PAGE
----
Abstract or Introduction
In this essay, I aim to compare Woolf’s and Carter’s take on the female identity as shown in their work. I will focus on the novels, “Mrs. Dalloway” and “Nights at the Circus”, respectively, and their female characters.
The fight for female equality experienced a high during the turn of the 19th to 20th century. It was defined by the suffragette movement that gained the voting right for women in 1928. However, it all started in the 1890s, when the term “New Women” was introduced by the American novelists Sarah Grand and Ouida. In a pair of articles, published in the North American Review, the writers laid focus on the independent and educated woman that was not merely an object of desire for men and a means for reproduction. By the public, the term was soon related to social reforms, in literature, however, the New Woman was heavily criticised. She was often portrayed as selfish and over-educated, hence a danger to the male ego. Virginia Woolf, born in 1882 in Victorian London and one of the few partially recognised female writers of her time, experienced the social changes and the adoption of a new view of the woman first hand. As a young woman she first came in contact with the women’s rights movement in Britain, which later influenced her work to a great extent. More recently, in light of the first and second wave feminism, her work has been interpreted as showing early forms of feminist thinking. Angela Carter, born more than half a century later in 1940, is known for her openly feminist writing that presents familiar stories and themes with a twist on gender and class issues6. Her novels and short stories are often set in the past and explore the issues of identity for women from the light of the first and second wave feminism during the 1970s and 1980s.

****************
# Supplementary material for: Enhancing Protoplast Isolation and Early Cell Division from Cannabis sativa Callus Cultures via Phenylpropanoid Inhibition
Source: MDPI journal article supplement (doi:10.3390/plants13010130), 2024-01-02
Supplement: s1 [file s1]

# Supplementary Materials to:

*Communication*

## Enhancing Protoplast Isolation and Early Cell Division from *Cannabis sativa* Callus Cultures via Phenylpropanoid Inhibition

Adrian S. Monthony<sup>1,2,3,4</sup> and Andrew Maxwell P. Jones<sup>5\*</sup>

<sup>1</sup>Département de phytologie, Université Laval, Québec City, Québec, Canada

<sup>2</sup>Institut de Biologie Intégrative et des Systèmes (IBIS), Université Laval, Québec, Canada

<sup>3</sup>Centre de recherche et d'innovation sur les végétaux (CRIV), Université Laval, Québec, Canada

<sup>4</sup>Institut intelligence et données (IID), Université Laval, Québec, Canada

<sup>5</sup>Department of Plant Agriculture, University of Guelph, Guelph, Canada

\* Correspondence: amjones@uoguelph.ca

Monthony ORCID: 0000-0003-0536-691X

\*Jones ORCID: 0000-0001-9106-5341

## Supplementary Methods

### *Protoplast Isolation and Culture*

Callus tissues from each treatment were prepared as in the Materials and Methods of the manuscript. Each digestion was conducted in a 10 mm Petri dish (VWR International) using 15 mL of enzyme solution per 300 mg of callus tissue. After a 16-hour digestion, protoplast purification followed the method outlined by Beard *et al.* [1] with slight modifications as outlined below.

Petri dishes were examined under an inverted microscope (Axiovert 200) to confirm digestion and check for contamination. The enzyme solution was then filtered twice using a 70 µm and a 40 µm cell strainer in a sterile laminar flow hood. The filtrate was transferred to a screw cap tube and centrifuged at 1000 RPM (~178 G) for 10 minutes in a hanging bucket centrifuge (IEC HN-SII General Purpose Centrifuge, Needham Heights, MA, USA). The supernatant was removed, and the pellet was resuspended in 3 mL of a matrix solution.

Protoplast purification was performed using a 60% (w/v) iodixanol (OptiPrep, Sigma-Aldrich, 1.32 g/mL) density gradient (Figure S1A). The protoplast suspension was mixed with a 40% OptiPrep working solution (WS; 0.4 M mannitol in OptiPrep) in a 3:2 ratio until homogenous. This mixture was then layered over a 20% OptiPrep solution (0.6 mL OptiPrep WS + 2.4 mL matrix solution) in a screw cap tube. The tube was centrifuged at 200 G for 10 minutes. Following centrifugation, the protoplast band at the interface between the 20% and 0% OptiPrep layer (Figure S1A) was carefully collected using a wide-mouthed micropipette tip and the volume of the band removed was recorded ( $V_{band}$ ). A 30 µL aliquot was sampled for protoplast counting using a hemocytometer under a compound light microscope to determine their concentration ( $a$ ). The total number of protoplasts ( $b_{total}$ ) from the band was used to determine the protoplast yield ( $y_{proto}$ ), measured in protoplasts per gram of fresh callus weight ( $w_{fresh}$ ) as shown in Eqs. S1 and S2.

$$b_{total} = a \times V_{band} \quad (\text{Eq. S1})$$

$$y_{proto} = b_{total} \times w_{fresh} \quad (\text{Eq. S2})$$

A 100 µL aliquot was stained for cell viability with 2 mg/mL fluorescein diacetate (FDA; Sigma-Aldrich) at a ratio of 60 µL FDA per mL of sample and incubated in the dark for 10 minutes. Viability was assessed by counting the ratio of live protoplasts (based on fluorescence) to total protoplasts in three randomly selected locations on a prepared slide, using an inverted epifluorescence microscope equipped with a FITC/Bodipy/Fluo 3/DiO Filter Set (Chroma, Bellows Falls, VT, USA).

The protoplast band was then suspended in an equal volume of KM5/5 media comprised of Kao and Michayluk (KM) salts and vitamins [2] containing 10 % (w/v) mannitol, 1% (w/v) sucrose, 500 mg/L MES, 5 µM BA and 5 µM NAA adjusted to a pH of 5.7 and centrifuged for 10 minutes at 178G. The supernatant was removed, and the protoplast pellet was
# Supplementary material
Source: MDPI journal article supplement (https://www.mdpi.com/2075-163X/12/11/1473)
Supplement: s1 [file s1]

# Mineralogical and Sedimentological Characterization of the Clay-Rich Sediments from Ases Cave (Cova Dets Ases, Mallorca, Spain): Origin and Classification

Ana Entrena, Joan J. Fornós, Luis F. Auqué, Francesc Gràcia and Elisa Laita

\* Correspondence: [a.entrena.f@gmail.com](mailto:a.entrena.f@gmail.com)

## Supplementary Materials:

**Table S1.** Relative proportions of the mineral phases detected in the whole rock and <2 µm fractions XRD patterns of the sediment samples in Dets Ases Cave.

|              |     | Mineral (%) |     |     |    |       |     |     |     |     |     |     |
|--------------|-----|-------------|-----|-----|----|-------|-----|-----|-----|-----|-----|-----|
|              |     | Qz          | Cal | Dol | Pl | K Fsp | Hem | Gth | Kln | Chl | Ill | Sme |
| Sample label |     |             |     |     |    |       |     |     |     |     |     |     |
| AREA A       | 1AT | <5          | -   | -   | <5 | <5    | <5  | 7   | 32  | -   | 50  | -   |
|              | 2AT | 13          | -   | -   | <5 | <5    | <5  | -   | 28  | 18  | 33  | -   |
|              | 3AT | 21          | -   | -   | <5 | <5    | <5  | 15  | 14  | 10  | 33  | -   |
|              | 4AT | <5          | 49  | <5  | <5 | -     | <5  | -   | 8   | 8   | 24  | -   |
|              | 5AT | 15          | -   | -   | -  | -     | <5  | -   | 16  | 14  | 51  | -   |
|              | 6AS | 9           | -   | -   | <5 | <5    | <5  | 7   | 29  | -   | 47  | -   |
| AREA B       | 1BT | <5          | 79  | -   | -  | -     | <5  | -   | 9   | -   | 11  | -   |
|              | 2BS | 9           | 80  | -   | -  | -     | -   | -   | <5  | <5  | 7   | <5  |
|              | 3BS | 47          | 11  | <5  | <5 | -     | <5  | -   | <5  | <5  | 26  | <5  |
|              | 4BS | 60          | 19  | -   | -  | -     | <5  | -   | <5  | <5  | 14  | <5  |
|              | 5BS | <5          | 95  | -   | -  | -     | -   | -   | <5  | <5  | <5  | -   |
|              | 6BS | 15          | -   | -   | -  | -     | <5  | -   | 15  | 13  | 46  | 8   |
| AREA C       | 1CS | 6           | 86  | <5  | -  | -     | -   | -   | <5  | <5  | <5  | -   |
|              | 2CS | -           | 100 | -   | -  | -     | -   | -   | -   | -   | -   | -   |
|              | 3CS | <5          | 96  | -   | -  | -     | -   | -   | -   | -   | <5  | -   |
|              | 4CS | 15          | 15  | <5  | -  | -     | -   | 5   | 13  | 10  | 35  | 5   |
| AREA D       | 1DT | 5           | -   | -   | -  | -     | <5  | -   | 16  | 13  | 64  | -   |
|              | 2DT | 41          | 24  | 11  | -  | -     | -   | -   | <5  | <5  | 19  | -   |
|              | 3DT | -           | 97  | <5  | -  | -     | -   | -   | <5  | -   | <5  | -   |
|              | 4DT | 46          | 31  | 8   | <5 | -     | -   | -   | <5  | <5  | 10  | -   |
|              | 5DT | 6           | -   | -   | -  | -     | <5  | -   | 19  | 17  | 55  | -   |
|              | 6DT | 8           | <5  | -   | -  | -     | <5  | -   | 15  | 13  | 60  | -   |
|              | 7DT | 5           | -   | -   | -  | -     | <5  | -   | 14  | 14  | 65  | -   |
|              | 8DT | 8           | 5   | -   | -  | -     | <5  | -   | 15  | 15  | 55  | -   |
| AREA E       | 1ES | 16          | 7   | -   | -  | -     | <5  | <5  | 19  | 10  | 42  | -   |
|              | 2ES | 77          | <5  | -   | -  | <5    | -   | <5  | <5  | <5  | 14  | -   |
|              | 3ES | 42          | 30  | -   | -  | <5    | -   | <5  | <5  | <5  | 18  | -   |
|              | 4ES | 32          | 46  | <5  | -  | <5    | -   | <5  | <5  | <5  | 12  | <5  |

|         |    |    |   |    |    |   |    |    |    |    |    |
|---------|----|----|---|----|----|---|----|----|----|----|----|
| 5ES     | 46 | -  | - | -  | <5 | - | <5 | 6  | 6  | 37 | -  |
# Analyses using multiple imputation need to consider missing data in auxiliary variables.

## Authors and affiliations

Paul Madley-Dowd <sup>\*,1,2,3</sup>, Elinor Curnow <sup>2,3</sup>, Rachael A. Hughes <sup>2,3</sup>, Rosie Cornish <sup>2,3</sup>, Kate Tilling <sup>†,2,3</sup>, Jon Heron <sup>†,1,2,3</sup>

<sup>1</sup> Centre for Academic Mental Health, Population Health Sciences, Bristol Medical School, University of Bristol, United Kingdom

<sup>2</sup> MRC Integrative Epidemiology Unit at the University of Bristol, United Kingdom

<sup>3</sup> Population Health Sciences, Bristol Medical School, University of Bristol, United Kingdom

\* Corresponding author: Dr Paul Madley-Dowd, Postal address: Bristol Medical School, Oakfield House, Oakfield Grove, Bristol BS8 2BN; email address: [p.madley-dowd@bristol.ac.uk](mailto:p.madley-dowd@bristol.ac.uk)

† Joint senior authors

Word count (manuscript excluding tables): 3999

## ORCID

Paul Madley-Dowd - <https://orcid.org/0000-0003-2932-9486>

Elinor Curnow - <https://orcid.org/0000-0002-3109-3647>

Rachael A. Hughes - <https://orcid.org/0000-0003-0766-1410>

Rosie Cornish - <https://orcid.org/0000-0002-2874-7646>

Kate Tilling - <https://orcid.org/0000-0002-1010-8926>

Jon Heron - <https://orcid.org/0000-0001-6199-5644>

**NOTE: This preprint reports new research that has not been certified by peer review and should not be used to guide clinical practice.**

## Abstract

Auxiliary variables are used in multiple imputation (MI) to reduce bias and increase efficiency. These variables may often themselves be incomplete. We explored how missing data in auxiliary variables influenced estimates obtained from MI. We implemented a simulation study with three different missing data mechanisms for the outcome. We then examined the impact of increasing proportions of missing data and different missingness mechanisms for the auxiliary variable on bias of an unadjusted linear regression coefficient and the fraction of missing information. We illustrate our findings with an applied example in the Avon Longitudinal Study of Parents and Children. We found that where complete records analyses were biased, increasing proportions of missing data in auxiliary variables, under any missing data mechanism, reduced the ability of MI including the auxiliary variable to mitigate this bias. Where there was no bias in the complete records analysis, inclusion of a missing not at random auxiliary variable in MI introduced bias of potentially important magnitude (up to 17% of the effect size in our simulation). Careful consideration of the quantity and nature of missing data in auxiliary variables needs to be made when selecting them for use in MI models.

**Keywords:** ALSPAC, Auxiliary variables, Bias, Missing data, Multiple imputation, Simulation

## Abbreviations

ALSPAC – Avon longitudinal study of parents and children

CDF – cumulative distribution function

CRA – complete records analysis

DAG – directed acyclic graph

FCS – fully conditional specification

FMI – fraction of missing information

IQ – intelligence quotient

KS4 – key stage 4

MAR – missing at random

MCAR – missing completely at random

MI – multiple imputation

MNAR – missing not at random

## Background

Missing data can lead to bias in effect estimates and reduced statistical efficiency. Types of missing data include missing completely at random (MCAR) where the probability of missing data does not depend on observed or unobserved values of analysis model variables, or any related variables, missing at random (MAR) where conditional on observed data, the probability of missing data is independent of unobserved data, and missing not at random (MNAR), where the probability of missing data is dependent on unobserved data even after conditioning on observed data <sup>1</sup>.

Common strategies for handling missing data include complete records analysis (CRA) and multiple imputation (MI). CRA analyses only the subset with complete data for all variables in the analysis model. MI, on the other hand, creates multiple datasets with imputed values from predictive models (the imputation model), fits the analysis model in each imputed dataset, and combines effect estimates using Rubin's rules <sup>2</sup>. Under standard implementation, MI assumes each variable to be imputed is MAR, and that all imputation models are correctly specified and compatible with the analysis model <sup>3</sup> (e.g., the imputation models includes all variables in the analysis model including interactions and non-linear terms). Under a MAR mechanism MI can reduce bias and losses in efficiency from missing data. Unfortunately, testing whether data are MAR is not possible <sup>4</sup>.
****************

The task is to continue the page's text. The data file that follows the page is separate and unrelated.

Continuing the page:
- Quote paper
- Marie Will (Author), 2019, Female Identity in the Late 19th and Early 20th Century in Virginia Woolf's "Mrs. Dalloway" and Angela Carter's "Nights at the Circus", Munich, GRIN Verlag, https://www.grin.com/document/1369023